OPINION: Steven Walsh, sales engineer at sorting technology specialist TOMRA Sorting UK discusses how amending a disparity in how PRNs and their export equivalent, PERNs, are claimed could result in a boost in investment in recycling in the UK.
The disparity between the values (packaging recovery notes) that can be claimed for exporting waste packaging material or keeping that material here in the UK for further reprocessing poses a real threat to both our circular economy and our ability to achieve the higher recycling targets set out in Defra’s Resources and Waste Strategy.
Under the current PRN system, the value of a packaging export recovery note (PERNs) for one tonne of plastics assumes that the material you export (be that mixed plastics or pre-sorted single stream) is 100% recycled and therefore exporters can claim 100% of the PERN value and pass it through the value chain. On the other hand, if the material is kept in the UK for further reprocessing, and assuming only 70% can be recycled, processors can only claim 70% of the PRN (packaging recovery note), reducing what they can pay for material.
This disparity isn’t new as such, but historically it hasn’t been that much of a concern because as a nation we have been happy to export plastics to the likes of China and the Far East. Now though, with the Chinese National Sword banning plastic imports, Brexit looming on the horizon and plastic recycling (and pollution) very much in the spotlight, it is imperative we focus our efforts on stimulating growth in our domestic plastics recycling markets, rather than favouring the export of lower-quality materials to largely unregulated markets.
Plastic PRN prices have quadrupled in the past two years, putting compliance schemes and obligated businesses under financial strain. In June we saw plastic PRNs reach their highest price so far this year and, other than a few slight fluctuations, they have stayed high ever since. On top of this, PRF (plastics recycling facilities) operators who are responsible for sorting the plastics are struggling to source enough infeed material at the right price from MRF operators. It’s easy to see why MRF operators are choosing to export the material instead of selling it to PRFs for further processing. When PERN prices are so high there is no incentive to keep the material here in the UK for use in domestic end markets.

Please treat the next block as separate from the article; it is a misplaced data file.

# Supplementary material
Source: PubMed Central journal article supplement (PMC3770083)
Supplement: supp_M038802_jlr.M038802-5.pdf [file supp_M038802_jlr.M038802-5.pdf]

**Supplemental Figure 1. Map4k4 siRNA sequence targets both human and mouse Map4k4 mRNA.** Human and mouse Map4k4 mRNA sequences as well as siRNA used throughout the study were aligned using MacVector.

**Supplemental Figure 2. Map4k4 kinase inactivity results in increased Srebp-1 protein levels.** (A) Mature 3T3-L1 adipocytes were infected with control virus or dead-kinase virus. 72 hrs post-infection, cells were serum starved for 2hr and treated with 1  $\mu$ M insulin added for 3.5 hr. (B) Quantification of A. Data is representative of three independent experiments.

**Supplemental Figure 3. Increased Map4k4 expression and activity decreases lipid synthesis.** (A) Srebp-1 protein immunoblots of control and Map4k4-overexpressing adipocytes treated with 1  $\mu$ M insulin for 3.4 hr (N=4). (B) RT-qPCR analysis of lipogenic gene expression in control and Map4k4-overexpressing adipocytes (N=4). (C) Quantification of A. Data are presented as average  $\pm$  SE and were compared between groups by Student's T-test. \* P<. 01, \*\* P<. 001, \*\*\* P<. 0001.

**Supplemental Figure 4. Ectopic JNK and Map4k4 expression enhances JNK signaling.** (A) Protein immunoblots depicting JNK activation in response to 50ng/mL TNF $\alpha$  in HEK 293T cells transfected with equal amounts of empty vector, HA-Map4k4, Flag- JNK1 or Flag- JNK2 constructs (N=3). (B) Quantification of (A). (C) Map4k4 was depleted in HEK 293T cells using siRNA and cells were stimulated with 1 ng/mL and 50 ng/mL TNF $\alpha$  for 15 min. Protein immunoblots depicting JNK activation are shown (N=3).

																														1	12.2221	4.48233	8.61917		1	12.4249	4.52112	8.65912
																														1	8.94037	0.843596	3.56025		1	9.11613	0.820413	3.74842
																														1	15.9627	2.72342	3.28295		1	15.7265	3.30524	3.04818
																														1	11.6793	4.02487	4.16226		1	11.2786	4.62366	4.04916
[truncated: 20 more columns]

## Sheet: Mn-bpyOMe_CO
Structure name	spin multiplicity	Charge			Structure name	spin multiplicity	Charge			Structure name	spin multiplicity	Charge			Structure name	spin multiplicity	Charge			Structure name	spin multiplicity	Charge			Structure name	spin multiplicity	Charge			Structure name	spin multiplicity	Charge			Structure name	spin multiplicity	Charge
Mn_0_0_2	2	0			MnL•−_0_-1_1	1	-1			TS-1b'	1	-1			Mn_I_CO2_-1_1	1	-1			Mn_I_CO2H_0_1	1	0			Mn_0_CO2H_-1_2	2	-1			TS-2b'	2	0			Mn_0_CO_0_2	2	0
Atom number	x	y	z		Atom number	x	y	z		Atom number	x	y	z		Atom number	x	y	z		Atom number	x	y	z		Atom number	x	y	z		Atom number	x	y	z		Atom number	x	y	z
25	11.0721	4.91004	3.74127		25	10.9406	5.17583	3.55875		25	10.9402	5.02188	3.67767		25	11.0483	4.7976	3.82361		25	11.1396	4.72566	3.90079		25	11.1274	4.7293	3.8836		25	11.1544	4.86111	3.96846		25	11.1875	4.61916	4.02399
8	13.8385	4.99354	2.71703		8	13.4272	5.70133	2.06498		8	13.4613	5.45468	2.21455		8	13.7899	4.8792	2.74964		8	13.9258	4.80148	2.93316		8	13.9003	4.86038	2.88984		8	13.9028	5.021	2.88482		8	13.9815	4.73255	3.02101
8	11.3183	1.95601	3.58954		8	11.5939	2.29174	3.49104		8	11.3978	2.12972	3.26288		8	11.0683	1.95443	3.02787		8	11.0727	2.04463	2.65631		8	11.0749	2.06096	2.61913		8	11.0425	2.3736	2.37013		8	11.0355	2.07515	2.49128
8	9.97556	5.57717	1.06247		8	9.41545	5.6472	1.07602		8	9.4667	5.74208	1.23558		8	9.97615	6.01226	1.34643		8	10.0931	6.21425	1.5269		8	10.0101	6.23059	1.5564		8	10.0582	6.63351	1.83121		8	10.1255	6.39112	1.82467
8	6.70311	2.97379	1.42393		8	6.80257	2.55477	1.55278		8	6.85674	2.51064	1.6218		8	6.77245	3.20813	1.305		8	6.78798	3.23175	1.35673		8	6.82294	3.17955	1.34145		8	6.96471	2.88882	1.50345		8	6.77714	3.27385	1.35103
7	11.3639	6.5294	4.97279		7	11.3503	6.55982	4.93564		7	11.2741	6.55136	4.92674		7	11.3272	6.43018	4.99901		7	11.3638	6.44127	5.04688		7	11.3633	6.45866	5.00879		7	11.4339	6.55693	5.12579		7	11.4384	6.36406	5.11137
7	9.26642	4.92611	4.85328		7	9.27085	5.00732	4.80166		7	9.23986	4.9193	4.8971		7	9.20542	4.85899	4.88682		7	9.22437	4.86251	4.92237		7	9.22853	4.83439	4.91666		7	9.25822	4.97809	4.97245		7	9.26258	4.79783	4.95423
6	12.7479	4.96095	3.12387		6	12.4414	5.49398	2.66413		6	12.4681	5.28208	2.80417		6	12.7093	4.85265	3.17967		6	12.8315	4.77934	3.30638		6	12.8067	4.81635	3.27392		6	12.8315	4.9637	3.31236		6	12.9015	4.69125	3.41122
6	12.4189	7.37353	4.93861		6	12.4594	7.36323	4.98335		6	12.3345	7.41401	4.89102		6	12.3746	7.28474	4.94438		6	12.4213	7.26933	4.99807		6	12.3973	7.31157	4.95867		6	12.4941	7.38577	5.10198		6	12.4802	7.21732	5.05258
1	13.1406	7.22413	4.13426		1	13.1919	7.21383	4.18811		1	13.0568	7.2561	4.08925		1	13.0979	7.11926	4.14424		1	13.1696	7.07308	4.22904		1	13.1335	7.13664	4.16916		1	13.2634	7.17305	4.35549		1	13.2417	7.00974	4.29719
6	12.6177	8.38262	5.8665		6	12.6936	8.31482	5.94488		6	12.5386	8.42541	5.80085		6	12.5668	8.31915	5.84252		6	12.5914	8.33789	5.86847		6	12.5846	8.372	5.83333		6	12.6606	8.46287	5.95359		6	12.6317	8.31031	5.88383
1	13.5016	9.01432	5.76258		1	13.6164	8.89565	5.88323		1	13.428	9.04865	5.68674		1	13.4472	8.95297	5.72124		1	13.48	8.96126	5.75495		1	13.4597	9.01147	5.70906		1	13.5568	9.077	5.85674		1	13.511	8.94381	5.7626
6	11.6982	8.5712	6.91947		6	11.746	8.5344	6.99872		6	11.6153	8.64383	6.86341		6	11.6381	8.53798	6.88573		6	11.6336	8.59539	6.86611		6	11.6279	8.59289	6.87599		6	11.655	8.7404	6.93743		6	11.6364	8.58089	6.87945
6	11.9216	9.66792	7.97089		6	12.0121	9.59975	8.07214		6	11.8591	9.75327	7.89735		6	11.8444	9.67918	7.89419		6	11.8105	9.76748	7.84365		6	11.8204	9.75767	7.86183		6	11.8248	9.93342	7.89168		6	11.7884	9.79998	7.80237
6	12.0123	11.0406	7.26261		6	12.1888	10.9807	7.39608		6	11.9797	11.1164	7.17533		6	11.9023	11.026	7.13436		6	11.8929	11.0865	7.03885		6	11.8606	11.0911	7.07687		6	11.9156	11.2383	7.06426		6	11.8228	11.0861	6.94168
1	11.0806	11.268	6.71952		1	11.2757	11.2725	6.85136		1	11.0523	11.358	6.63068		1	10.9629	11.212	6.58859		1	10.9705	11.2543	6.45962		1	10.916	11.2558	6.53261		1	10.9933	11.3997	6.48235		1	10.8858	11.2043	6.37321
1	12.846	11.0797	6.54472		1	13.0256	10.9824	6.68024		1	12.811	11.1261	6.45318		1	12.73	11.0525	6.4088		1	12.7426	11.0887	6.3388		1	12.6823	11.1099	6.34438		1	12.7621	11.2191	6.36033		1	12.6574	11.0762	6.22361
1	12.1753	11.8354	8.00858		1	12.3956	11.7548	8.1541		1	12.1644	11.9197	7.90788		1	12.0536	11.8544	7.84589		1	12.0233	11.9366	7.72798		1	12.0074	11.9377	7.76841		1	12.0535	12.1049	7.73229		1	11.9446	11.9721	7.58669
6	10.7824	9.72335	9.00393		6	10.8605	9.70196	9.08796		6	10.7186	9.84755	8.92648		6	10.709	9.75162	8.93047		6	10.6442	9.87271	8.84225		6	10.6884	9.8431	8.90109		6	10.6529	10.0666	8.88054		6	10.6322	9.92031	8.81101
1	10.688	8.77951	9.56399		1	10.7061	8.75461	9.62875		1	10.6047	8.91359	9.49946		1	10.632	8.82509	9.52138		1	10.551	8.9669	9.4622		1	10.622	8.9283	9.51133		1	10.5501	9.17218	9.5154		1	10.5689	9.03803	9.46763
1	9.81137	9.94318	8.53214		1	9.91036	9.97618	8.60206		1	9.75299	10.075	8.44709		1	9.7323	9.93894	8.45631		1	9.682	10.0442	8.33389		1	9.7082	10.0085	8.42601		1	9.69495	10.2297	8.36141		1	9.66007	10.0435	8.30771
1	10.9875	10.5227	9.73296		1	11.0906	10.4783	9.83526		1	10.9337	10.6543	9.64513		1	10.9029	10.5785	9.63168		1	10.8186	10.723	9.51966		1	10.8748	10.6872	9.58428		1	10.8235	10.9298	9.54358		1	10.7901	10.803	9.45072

Extended Producer Responsibility
Unfortunately, there is no ‘quick fix’ to this problem and in some ways the industry will have to ride out the storm until decisions are made on the Extended Producer Responsibility (EPR) and the legislation takes effect in 2023. EPR will hopefully stimulate growth in domestic sorting of different grades of plastic, but that that’s still four years down the line, so we must take steps now to address this situation. If, for example, lobbying groups can put pressure on Defra to introduce some kind of balancing calculation between PRN and PERN prices, this would go some way towards creating a more level playing field.
The UK has made great strides in increasing plastic recycling rates and improving plastic recycling quality in recent years, but there is a real risk that this progress will be undermined by the inadvertent encouragement to export. There are a number of drivers for keeping our collected plastics material here in the UK and aiming for better domestic circularity. The UK boasts much better environmental controls than almost all of the countries we export to. This means we’re more responsible when it comes to managing the risk of plastic pollution, and we won’t ‘dump’ the unwanted material captured in the recycling process. UK waste companies are also more likely to invest in full-scale infrastructure projects with advanced waste management techniques and technologies due to a consistent volume and composition of materials collected from households. The latest TOMRA sensor-based sorting technology, for example, can capture 95%+ of the target material with 95%+ purity for use in domestic markets. And, by improving the UK’s domestic recycling infrastructure, we will also create job opportunities.
Exporting our plastics opens us up to exchange rate volatility, losing control of the material and the unknow environmental impact of our actions. Why would we choose to damage the infrastructure that we’ve worked so hard to establish and discourage growth in our domestic plastics markets? Irrespective of the fluctuations in the PRN value, the disparity between the amount that can be claimed when exporting or keeping the material for domestic use still exists and must be addressed before it creates even more volatility in the plastics markets.